1. Caro T, Izzo A, Reiner RC, et al. The function of zebra stripes. Nature Communications 2014;5:3535.         [ Links ]

2. Giannoudis PV, Einhorn TA, Marsh D. Fracture healing: the diamond concept. Injury. 2007;38:S3-6.         [ Links ]

3. Pauwels DF. A new theory concerning the influence of mechanical stimuli on the differentiation of the supporting tissues. Z Anat Entwicki Gesch 1960;121:478-515.         [ Links ]

4. Carter DR, Beaupre GS, Giori NJ, Helms JA. Mechanobiology of skeletal regeneration. Clin Orthop Relat Res 1998;355:S41-55.         [ Links ]

5. Claes LE, Heigele CA. Magnitudes of local stress and strain along bony surfaces predict the course and type of fracture healing. J Biomech 1999;32:255-66.         [ Links ]

6. Prendergast PJ, Huiskes R, S0balle K. Biophysical stimuli on cells during tissue differentiation at implant interfaces. J Biomech 1997;30:539-48.         [ Links ]

7. Ventura C. Tuning stem cell fate with physical energies. Cytotherapy 2013;15:1441-43.         [ Links ]

8. Lee DA, Knight MM, Campbell JJ, Bader DL. Stem cell mechanobiology. J Cell Biochem 2011;112:1-9.         [ Links ]

9. Wolf CB, Mohammad RK. Mechano-transduction and its role in stem cell biology. In: Baharvand H, editor. Trends in stem cell biology and technology. Totowa (NJ): Humana Press; 2009. p. 389e403.         [ Links ]

10. Gimzewski JK, Pelling A, Ventura C. International Patent: International Publication Number WO 2008/105919 A2, International Publication Date 4 September 2008. Title: Nanomechanical Characterization of Cellular Activity.         [ Links ]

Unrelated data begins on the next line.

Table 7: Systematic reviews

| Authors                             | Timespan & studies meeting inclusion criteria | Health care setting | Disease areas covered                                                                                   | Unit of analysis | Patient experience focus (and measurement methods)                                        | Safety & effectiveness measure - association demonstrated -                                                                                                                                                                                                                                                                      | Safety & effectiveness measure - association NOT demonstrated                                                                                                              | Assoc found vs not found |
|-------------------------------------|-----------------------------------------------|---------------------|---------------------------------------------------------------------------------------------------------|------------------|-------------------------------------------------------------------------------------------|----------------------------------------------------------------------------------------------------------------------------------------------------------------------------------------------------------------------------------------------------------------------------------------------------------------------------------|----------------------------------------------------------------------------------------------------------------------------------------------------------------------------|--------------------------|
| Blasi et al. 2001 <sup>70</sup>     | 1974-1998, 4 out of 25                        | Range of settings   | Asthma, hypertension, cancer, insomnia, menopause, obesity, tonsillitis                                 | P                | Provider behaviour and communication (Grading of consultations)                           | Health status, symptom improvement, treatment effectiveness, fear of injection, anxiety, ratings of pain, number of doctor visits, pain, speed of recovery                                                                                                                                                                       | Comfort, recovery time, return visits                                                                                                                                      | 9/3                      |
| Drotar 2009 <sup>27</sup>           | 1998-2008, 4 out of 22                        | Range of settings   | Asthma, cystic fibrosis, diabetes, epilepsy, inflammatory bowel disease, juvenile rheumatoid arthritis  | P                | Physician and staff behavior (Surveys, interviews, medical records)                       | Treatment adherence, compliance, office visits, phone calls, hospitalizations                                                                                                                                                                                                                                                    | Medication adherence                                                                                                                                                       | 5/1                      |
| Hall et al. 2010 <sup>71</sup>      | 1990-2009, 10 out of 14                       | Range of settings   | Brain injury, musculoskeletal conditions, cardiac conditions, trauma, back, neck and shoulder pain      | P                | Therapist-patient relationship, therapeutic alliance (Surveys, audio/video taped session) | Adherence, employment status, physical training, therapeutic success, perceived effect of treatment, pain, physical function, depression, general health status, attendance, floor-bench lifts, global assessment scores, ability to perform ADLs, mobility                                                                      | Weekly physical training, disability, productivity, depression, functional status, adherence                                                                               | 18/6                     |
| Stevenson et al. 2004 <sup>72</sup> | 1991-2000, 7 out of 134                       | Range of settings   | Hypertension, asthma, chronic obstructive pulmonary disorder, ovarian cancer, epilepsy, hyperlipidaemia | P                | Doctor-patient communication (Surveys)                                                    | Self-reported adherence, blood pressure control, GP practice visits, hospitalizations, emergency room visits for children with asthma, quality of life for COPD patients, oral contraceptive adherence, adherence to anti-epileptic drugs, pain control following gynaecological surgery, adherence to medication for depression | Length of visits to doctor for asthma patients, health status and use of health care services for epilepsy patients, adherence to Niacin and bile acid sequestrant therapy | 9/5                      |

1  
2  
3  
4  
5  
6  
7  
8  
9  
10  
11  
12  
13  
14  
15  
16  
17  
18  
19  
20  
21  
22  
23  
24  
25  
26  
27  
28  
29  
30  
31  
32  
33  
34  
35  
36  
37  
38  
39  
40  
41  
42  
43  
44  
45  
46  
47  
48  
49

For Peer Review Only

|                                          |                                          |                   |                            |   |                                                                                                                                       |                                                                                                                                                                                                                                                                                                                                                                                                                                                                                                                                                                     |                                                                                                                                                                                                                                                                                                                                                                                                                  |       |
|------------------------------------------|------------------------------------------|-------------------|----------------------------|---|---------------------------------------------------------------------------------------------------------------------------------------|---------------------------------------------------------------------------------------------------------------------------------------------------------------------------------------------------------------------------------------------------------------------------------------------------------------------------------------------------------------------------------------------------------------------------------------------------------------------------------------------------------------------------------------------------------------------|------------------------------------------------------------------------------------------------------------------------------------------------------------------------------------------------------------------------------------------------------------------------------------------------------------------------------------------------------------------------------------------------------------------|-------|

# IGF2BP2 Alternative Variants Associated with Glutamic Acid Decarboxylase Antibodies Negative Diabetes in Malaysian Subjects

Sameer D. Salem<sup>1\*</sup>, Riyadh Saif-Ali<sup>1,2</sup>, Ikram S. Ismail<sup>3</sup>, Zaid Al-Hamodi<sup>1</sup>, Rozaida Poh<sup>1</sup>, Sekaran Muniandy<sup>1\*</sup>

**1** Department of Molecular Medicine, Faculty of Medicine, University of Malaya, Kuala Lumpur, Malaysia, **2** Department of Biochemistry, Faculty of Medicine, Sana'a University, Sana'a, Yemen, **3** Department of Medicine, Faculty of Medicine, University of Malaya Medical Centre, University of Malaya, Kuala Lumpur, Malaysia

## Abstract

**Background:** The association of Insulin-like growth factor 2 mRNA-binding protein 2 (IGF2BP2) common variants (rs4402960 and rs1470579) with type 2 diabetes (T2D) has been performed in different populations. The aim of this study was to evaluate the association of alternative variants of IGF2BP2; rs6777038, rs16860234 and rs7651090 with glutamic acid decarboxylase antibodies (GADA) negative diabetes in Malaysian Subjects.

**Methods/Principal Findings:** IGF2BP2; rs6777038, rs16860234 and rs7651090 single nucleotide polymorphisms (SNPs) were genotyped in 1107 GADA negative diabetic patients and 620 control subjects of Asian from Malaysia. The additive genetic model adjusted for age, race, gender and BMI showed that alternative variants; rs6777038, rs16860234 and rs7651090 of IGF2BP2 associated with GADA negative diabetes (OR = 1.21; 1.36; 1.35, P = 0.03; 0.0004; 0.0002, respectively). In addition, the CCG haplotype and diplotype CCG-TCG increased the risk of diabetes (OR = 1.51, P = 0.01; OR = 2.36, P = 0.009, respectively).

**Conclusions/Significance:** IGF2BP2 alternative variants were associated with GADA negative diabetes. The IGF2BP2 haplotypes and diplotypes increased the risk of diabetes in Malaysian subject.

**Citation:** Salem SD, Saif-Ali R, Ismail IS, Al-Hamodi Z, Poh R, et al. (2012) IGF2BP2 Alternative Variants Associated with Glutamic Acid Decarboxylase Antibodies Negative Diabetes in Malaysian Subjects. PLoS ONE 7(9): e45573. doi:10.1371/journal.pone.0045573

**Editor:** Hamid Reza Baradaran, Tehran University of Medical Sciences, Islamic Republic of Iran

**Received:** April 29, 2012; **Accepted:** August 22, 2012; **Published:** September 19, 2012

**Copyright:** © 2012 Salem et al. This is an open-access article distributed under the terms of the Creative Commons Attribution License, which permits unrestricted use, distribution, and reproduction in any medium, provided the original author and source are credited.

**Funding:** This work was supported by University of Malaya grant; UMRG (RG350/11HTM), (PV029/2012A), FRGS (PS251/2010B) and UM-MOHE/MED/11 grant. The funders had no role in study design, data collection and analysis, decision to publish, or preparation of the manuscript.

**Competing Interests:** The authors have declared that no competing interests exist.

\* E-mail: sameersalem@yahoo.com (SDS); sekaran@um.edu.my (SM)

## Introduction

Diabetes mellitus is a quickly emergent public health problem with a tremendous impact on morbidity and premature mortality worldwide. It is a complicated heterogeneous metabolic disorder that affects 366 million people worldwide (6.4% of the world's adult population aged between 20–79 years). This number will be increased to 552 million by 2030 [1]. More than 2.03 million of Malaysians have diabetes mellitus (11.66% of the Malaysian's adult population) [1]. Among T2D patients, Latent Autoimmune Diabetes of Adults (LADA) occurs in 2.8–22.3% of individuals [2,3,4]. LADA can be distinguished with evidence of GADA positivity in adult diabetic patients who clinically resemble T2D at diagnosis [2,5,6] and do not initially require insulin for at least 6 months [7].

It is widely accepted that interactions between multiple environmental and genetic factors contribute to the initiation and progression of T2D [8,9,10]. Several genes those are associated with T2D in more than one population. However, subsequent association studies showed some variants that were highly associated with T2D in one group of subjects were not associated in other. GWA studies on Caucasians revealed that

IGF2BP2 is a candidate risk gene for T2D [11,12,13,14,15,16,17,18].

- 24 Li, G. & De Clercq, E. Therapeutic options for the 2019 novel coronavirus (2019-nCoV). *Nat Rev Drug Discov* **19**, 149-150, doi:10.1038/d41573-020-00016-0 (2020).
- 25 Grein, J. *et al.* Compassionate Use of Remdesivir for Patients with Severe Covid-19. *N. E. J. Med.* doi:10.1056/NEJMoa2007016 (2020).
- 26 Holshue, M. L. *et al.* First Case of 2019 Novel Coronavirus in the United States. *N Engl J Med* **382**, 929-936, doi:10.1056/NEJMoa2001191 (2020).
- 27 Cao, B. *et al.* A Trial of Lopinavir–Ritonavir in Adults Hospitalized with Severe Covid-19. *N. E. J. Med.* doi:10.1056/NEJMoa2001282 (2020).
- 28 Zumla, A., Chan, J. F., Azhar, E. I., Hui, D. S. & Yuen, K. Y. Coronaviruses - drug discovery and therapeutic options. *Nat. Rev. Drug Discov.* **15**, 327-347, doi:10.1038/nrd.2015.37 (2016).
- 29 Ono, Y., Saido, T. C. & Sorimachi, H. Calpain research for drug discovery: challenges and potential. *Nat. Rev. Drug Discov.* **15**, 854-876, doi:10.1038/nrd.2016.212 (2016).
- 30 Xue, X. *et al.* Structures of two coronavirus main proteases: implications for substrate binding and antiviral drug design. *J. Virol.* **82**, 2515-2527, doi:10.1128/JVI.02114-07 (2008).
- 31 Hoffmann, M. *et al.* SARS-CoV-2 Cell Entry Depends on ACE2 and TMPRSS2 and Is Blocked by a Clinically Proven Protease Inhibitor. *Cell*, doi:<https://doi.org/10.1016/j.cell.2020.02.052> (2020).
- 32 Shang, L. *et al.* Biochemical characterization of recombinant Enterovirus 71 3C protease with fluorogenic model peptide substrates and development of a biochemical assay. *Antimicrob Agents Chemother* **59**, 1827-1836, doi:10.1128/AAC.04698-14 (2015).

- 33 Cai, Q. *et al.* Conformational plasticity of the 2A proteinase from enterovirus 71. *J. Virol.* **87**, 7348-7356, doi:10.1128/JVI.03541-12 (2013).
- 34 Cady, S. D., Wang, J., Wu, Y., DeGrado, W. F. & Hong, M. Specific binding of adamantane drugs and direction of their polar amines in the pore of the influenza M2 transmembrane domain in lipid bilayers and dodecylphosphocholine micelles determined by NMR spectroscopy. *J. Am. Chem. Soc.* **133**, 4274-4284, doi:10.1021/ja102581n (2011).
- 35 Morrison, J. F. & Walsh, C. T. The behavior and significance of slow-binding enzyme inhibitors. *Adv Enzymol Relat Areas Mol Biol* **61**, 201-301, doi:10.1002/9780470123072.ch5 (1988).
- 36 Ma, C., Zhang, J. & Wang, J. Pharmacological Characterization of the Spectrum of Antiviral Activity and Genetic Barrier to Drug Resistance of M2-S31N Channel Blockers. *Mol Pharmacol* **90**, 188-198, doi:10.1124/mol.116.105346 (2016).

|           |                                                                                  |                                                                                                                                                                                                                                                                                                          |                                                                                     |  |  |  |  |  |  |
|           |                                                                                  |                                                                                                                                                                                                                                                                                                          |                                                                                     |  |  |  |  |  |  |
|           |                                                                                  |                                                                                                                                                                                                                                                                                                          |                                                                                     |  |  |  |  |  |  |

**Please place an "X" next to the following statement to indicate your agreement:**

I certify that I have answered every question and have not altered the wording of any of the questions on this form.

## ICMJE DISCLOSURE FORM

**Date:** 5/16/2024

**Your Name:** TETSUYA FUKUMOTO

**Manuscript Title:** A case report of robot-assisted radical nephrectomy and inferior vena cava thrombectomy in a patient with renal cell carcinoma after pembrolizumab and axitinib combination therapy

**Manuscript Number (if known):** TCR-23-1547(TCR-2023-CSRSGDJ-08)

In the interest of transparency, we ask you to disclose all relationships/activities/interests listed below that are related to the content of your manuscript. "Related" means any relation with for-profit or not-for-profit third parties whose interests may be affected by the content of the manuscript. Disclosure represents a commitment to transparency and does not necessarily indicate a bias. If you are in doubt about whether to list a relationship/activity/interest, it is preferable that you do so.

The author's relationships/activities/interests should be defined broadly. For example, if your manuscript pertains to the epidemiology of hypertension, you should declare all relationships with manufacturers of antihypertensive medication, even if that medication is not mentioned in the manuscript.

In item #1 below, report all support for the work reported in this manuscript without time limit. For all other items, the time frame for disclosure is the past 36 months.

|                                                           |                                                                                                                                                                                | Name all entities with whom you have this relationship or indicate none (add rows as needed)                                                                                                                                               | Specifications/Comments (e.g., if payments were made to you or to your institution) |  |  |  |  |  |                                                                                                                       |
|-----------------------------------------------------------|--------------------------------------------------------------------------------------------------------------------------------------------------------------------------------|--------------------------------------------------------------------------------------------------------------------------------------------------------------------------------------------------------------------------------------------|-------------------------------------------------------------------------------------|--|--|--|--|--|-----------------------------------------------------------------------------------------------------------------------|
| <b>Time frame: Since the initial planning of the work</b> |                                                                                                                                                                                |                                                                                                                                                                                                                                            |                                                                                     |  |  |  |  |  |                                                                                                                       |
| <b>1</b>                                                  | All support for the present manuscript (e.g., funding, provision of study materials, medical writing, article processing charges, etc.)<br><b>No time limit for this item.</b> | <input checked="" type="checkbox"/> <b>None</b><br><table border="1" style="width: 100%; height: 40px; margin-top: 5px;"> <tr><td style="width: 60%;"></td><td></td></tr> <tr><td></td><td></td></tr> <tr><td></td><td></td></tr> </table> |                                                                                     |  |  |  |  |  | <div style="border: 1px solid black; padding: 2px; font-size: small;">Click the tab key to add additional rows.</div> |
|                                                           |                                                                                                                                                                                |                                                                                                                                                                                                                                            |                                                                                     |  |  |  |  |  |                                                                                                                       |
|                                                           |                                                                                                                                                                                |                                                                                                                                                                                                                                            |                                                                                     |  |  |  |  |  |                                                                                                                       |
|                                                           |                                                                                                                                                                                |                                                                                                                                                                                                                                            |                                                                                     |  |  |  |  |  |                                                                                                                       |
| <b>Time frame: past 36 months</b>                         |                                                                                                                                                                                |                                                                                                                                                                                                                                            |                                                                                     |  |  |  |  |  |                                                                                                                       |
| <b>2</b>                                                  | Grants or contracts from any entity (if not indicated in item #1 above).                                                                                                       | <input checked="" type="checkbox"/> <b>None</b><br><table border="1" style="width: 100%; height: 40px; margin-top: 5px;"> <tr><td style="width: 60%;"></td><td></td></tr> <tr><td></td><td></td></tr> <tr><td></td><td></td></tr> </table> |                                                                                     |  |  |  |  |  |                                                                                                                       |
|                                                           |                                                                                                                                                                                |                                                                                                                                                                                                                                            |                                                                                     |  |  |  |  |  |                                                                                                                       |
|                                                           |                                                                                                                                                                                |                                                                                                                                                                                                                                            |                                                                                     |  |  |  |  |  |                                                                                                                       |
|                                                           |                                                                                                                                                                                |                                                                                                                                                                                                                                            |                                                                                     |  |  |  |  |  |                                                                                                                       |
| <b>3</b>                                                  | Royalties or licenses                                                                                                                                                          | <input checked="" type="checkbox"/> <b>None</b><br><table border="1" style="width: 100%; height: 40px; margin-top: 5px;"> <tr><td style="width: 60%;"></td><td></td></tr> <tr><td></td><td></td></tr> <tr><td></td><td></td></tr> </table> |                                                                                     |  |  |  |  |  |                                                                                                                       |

11. Cross SE, Jin YS, Rao J, Gimzewski JK. Nanomechanical analysis of cells from cancer patients. Nat Nanotechnol. 2007;2:780e3.         [ Links ]

12. Glatt V, Bartnikowski N, Quirk N, et al. Reverse dynamization: influence of fixator stiffness on the mode and efficiency of large-bone-defect healing at different doses of rhBMP-2. J Bone Joint Surg 2016;98(8):677-87.         [ Links ]

13. Ferreira N, Marais LC, Aldous C. Mechanobiology in the management of mobile atrophic and oligotrophic tibial nonunions. Journal of Orthopaedics 2015;12(Suppl 2):S182-7. doi: 10.1016/j. jor.2015.10.012        [ Links ]

14. Elliot DS, Newman KJH, Forward DP, et al. A unified theory of bone healing and nonunion. Bone Joint J 2016;98-B;884-91.         [ Links ]

15. Kavand H, Rahaie M, Haghighipour N, et al. Magneto-mechanical stimulation of bone marrow mesenchymal stromal cells for chondrogenic differentiation studies J Comp App Mech 2018;49(2):386-94.         [ Links ]